For a long time I've had no clear idea how to do loudness compensation in my living room.  It would be very convenient, or so I thought, to use the parametric EQ's in my Tact 2.0 RCS which was upgraded to the Tact version that includes parametric EQ's.  But since I'm not actually using the Room Correction feature (I didn't like the way Tact did this--full spectrum) I can't use the parametric EQ's either.  Bummer.  I've long thought about really hacking the software of the Tact (nobody seems to do this) to permit parametric EQ's even in Room Correction Bypass mode, which I am always using.

Or, if I were even more clever, I could program the Room Correction curves as specific loudness compensation curves for different relative volume settings.  So Correction1 might serve for -10db, and Correction2 might serve for -20dB.

Well even using some tricks I've learned (one can connect the Tact output to the microphone input with an impedance/attenuation network, and then the Tact is correcting a straight wire--no correction at all essentially--and then set the target curve to the desired loudness correction curve, voila!) this would be a lot of trouble and needless to say I've never done it.

Then I've had some other ideas about sticking in an analog preamp somewhere in the system, such as between the disc machines and the Lavry AD10 digital converter, or between the Audio G_D Dac and the Krell.  (Neither idea is very appealing...I like the transparency of these connections which are now just short pieces of wire.  Nevertheless, I've spent hours looking at Quad 34 Preamps and the like on eBay just wondering if something like that would do it.)

Finally, last weekend, I found a quick, easy, and zero degradation way of doing the loudness compensation.  I can use the Graphic EQ function on the digital equalizers used as crossovers and room correction.  Currently I only use the Parametric EQ features to achieve crossover and room correction, and the Graphic EQ is set to flat.  That makes it easy to just lay in the desired loudness compensation via Graphic EQ.

The problem with that, as I realized some time ago, is that if I just dial in loudness compensation for the subwoofer, the effects are limited and in fact the loudness compensation would be messing up the integration between the subs and the panels.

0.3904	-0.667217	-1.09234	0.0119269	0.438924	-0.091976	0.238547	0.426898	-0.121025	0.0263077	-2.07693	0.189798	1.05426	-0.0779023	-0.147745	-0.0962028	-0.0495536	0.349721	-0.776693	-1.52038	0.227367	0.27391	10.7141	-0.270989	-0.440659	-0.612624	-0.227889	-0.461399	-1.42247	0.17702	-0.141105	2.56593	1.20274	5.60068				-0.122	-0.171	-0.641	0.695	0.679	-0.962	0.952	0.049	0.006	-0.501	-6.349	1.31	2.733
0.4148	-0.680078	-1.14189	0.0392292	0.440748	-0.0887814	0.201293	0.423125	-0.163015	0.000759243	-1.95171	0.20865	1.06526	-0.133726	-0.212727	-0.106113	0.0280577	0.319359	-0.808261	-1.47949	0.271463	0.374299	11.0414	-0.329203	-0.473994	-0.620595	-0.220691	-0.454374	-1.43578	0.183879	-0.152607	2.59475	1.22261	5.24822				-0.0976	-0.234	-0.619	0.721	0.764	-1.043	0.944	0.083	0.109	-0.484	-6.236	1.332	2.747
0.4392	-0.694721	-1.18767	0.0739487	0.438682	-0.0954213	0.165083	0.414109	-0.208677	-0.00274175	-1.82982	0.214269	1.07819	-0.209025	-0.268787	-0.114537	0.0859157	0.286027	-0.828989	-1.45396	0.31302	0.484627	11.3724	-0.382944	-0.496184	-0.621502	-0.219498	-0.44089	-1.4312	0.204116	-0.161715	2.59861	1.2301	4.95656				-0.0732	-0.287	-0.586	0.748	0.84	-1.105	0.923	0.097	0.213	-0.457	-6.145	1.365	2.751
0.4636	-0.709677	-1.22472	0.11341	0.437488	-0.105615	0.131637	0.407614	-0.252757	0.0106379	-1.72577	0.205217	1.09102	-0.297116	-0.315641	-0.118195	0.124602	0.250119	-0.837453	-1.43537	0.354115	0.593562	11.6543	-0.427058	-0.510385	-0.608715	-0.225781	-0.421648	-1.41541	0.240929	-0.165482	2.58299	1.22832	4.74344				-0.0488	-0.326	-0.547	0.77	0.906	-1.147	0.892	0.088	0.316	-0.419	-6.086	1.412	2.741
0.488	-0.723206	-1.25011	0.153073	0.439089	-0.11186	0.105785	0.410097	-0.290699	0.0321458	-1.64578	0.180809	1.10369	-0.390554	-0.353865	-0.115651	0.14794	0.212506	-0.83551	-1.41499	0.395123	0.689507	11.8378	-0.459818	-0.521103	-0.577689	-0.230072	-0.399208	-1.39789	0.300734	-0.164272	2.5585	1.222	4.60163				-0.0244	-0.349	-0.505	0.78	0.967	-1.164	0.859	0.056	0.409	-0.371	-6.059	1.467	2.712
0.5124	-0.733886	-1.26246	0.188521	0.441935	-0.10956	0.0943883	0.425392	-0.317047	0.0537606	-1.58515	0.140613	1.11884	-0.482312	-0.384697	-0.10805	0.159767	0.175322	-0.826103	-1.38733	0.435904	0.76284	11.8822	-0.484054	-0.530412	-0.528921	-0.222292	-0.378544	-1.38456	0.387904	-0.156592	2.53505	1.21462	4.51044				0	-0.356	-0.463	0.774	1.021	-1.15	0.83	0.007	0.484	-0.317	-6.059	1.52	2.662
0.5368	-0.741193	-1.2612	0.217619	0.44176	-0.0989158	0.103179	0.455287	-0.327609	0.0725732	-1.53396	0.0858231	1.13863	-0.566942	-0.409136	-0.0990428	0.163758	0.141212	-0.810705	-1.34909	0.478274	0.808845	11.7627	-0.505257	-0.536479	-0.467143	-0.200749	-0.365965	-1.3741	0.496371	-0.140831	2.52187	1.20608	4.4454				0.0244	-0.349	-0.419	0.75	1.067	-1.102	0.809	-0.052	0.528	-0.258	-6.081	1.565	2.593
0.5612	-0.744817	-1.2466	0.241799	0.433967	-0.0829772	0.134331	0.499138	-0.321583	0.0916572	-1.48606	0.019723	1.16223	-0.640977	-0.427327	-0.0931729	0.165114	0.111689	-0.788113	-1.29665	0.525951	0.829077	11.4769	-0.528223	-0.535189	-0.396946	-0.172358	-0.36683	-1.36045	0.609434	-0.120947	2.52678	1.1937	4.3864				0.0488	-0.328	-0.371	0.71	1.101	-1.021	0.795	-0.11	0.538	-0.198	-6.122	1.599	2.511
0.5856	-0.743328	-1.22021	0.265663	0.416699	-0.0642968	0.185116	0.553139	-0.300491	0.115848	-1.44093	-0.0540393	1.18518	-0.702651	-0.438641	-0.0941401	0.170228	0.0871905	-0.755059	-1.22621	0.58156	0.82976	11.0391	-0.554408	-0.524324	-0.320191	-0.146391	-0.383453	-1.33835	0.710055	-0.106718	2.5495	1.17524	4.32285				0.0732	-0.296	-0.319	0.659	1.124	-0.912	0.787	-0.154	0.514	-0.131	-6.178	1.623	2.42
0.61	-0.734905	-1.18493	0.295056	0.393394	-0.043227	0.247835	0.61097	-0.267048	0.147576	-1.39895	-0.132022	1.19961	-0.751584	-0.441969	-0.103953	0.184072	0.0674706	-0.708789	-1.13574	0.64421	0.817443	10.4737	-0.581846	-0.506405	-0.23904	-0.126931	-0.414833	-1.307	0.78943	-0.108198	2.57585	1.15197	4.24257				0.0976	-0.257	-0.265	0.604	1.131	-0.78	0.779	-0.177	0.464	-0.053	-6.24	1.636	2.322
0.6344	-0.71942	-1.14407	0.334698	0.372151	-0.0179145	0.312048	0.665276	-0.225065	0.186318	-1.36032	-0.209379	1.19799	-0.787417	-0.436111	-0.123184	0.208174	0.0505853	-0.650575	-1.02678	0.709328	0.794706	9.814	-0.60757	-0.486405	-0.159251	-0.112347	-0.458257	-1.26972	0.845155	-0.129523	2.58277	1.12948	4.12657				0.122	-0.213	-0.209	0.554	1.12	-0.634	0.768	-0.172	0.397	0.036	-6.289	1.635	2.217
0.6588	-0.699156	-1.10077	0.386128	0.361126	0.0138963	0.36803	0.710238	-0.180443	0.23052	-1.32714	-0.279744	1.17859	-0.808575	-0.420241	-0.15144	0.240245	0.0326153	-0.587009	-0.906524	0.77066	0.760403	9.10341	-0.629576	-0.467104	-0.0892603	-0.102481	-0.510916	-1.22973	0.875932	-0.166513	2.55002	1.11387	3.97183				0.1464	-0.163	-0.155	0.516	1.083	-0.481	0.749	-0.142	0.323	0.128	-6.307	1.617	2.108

Well, then the obvious solution would be to dial in the required graphic EQ correction into all 3 digital equlizers, though probably no need to bother (yet) with dialing in bass boost to the super tweeter.

What I finally did last weekend was to dial in bass boosting correct, the identical bass boost correction curves, into the equalizers for both the subs and the panels.  Because the boost curves are identical, the integration between subs and bass is not affected in any way.  (I did also consider and temporarily try dialing in correction to the subs only, or dialing in a different correction to the subs and panels, but decided I liked the way that doesn't affect the integration the best, so far, at least for peace of mind).

And to make this even easier, I didn't have to set levels for each 1/3 octave because the Behringer DEQ 2496 graphic equalizer function has a control for "bandwidth" so I selected a low frequency of 63 Hz as the "center" of boosting, with a 4 octave (actually 11/3) bandwidth.  Once I have selected that bandwidth, I can just turn the level control up and down in both EQ's to vary the loudness compensation (as shown in picture above).

Simple, free, and it works!

More sophisticated solutions might be possible, such as fine tuning each 1/3 octave of compensation, but this solution seems to work well enough while being very easy to adjust or turn on and off.

A more typical (or "correct") loudness compensation would boost the deepest bass most of all.  There are issues with that for a system like mine that attempts to reproduce bass down to 15 Hz.  Headroom in the deepest bass is limited and I'm loath to apply very much EQ there, though I suppose at low volume it could be boosted nearly back to 'realistic' level and be OK, but I was thinking this would be worthy of some serious investigation first.